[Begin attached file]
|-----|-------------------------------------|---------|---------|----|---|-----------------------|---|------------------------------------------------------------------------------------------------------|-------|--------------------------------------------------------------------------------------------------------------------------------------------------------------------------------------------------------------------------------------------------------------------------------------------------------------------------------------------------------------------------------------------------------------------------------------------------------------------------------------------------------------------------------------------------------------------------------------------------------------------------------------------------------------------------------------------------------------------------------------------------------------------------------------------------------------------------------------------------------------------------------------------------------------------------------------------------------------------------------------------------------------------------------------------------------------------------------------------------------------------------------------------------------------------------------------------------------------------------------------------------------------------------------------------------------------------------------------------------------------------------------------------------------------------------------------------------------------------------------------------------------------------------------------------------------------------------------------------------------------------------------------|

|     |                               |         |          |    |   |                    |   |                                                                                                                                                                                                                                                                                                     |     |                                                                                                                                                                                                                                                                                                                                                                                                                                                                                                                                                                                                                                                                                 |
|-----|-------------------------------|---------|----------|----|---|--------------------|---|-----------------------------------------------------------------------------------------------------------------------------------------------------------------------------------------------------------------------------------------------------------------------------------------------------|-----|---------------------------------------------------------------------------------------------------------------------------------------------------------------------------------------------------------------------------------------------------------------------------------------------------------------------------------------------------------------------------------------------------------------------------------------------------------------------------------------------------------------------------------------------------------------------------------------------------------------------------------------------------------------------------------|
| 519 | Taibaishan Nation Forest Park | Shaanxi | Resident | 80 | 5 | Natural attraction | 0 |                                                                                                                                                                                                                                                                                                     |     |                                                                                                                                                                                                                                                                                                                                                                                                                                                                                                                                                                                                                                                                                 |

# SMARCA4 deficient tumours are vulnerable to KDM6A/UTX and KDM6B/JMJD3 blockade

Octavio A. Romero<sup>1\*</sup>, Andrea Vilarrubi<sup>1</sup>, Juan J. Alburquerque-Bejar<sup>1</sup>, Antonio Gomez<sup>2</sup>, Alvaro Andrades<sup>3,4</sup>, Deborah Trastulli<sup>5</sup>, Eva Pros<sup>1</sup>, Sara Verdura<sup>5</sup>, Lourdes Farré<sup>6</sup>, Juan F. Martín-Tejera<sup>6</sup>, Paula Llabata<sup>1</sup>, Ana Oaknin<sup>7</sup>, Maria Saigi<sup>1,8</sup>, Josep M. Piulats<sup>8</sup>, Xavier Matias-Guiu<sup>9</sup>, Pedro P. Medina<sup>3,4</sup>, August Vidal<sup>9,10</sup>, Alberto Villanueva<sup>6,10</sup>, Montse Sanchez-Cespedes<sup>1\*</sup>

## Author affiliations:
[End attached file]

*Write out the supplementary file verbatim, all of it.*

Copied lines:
|-----|-------------------------------------|---------|---------|----|---|-----------------------|---|------------------------------------------------------------------------------------------------------|-------|--------------------------------------------------------------------------------------------------------------------------------------------------------------------------------------------------------------------------------------------------------------------------------------------------------------------------------------------------------------------------------------------------------------------------------------------------------------------------------------------------------------------------------------------------------------------------------------------------------------------------------------------------------------------------------------------------------------------------------------------------------------------------------------------------------------------------------------------------------------------------------------------------------------------------------------------------------------------------------------------------------------------------------------------------------------------------------------------------------------------------------------------------------------------------------------------------------------------------------------------------------------------------------------------------------------------------------------------------------------------------------------------------------------------------------------------------------------------------------------------------------------------------------------------------------------------------------------------------------------------------------------|

|     |                               |         |          |    |   |                    |   |                                                                                                                                                                                                                                                                                                     |     |                                                                                                                                                                                                                                                                                                                                                                                                                                                                                                                                                                                                                                                                                 |
|-----|-------------------------------|---------|----------|----|---|--------------------|---|-----------------------------------------------------------------------------------------------------------------------------------------------------------------------------------------------------------------------------------------------------------------------------------------------------|-----|---------------------------------------------------------------------------------------------------------------------------------------------------------------------------------------------------------------------------------------------------------------------------------------------------------------------------------------------------------------------------------------------------------------------------------------------------------------------------------------------------------------------------------------------------------------------------------------------------------------------------------------------------------------------------------|
| 519 | Taibaishan Nation Forest Park | Shaanxi | Resident | 80 | 5 | Natural attraction | 0 |                                                                                                                                                                                                                                                                                                     |     |                                                                                                                                                                                                                                                                                                                                                                                                                                                                                                                                                                                                                                                                                 |

# SMARCA4 deficient tumours are vulnerable to KDM6A/UTX and KDM6B/JMJD3 blockade

Octavio A. Romero<sup>1\*</sup>, Andrea Vilarrubi<sup>1</sup>, Juan J. Alburquerque-Bejar<sup>1</sup>, Antonio Gomez<sup>2</sup>, Alvaro Andrades<sup>3,4</sup>, Deborah Trastulli<sup>5</sup>, Eva Pros<sup>1</sup>, Sara Verdura<sup>5</sup>, Lourdes Farré<sup>6</sup>, Juan F. Martín-Tejera<sup>6</sup>, Paula Llabata<sup>1</sup>, Ana Oaknin<sup>7</sup>, Maria Saigi<sup>1,8</sup>, Josep M. Piulats<sup>8</sup>, Xavier Matias-Guiu<sup>9</sup>, Pedro P. Medina<sup>3,4</sup>, August Vidal<sup>9,10</sup>, Alberto Villanueva<sup>6,10</sup>, Montse Sanchez-Cespedes<sup>1\*</sup>

## Author affiliations: